Open Wind Lens
by 4ndy, published
OWL is a prototyping platform for ducted/cowled Horizontal-Axis Wind Turbines, which can deliver increased efficiency-per-area, blade safety and reduced noise.
Starting documentation at: http://opensourceecology.org/wiki/Shrouded_wind_turbine
These types of turbines tend to show an increase in power output of 2-5x for a given blade-swept-area, depending how well the shroud is designed. (See open paper: http://www.mdpi.com/1996-1073/3/4/634 and 2.5m 5kW-rated-each results of this study http://en.wikipedia.org/wiki/File:Windlens1.jpg) A shroud also tends to cut down blade-tip vortices, which are typically the single largest cause of noise and downwind turbulence in wind turbines, since it induces a wind-tunnel-like environment where an almost '2D' flow pattern can form around the blades without spilling around the end as much. (http://en.wikipedia.org/wiki/Wingtip_vortices)
A couple of safety considerations with wind turbines can be improved by a shroud/cowling; firstly in the highly unlikely event of a blade failing, any fragments would hit the cowling before anything else, so there would be significantly less danger to any passers-by, and the popularly overstated danger of birds hitting turbine blades is further lessened by having a stator in front. I have kept the current design to a roughly 1m diameter, since this should give a good safety margin of strength to wooden blades and make construction easily manageable for a very small team.
An idea that I've been sitting on and trying to figure out the details of for too long (a couple of years now), but still needs a fair bit of design work.
I would like the turbine to run in as wide an operational envelope of wind-speeds as possible, in order to take advantage of intermittent storm winds that frequent a site that I will be testing it on. As such the present design does not furl out of the wind with increasing speed, and has a heat-sink applied to the stator coils in order to prevent overheating in strong winds. This has yet to be tested though and should be regarded as stupid/reckless/unsafe until it can be verified by testing. I may also design an alternative off-centre mounting that should allow the system to furl out of very high winds.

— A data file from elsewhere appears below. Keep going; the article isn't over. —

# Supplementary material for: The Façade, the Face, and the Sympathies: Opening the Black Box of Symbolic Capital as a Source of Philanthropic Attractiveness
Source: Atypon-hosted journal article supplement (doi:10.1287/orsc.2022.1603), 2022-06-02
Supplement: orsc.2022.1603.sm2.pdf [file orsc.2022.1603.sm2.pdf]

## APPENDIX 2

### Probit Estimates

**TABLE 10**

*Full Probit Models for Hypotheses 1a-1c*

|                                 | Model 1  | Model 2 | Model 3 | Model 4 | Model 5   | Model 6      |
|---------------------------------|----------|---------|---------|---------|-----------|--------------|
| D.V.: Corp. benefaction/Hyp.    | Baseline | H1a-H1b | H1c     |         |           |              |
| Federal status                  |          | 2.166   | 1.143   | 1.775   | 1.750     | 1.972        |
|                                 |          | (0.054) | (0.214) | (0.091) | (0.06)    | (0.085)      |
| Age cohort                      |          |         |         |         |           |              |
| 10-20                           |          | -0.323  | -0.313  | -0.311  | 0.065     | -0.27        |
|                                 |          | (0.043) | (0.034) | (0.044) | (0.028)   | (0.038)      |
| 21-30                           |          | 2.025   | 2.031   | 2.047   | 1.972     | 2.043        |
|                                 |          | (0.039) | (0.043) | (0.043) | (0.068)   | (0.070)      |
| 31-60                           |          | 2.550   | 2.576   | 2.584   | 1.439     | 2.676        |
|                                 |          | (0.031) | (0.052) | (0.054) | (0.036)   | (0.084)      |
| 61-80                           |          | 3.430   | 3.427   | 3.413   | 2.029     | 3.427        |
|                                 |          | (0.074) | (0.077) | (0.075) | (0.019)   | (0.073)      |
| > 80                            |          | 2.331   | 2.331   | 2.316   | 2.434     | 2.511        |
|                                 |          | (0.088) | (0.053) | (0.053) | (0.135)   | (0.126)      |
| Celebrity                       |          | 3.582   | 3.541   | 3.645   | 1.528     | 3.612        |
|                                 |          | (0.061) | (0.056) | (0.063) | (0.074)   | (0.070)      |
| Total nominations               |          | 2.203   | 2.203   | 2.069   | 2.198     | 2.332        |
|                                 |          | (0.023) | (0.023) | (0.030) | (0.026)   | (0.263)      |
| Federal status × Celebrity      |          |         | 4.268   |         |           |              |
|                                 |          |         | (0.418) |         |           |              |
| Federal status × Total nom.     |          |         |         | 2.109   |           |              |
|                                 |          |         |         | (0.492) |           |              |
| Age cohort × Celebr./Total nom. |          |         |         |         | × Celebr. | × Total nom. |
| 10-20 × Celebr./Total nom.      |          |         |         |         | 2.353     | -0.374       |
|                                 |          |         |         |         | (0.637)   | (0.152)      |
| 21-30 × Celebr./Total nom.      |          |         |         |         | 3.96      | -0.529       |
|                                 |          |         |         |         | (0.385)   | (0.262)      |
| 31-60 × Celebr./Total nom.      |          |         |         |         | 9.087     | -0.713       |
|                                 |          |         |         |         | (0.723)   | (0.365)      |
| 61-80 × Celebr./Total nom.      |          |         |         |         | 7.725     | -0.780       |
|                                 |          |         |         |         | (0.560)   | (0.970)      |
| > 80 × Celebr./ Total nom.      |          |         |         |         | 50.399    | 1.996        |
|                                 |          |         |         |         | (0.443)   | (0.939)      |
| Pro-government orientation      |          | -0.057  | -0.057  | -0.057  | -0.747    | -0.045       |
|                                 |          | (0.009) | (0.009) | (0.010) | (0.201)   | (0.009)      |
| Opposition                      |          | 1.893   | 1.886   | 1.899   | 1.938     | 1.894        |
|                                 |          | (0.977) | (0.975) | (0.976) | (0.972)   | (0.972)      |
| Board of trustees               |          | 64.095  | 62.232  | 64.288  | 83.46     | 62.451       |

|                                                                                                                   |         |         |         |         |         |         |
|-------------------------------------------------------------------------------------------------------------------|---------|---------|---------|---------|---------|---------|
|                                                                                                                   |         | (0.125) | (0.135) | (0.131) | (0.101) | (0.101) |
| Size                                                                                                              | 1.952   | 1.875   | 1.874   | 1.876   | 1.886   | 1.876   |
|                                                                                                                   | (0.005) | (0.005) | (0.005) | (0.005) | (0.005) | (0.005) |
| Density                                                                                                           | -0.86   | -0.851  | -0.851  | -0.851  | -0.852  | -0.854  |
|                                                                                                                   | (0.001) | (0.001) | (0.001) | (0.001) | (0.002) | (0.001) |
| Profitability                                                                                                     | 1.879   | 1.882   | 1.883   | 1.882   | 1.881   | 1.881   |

The mounting pole is just there to give an idea of how to compatibly mount this to a tower. Having such a long pole directly from the horizontal axis would not be recommended in practice, and the turbine should be mounted by a relatively short stub at the top including some kind of yaw bearing. The structure is presently designed to accept up to a 35mm diameter pole, and I am considering the use of 25mm bicycle headset bearings in conjunction with thick-plate threaded steel tubes, or possibly sand-casting a mounting stub out of aluminium.
My design work has been inspired by:
Hugh Piggott's "Wind Turbine Recipe Book" 2009 metric edition; http://www.scoraigwind.com/
FloDesign's concept designs http://www.youtube.com/watch?v=WB5CawKfE2M (might as well mute this video as it is full of marketing BS)
...and of course the many designs of gas turbine engines that presently power most of the world's large passenger aircraft and military aircraft, which also inspired FloDesign's engineers to do their work.
The aerofoil profiles were achieved using Divahar Jayaraman's MATLAB script: http://www.mathworks.com/matlabcentral/fileexchange/19915-naca-4-digit-airfoil-generator under BSD License.
I tried editing it to output scaled data, but it seems that simply copy-pasting output vectors into OpenOffice Calc and then saving as fixed-column-width .CSV gives cleaner data that is easier to import to SolidWorks.
I used NACA designation 0020 for the stator blades and 9415 for the wind-lens. The stator is fitted with symmetric blades in such a way that its angle of attack can be altered to 0, 4, 8 or 12 degrees in either direction (shown at 4 in picture) depending on which way you want to cut your rotor blades to spin, and I have designed the wind lens foils to extrude at 12 degrees angle of attack.
If I was any good at CFD then I could optimise this more, but I'm hoping someone can help me with that.
I would greatly appreciate the help of anyone experienced in Computational Fluid Dynamics who could help me to optimise the contours of this design, but I am happy to test it empirically.
Also if you know much about electrical engineering and alternators, have a look at this thread and see if you can help me figure out how to not make this thing burn out with high power: https://groups.google.com/d/topic/ose-europe/oWP-7kAHeVU/discussion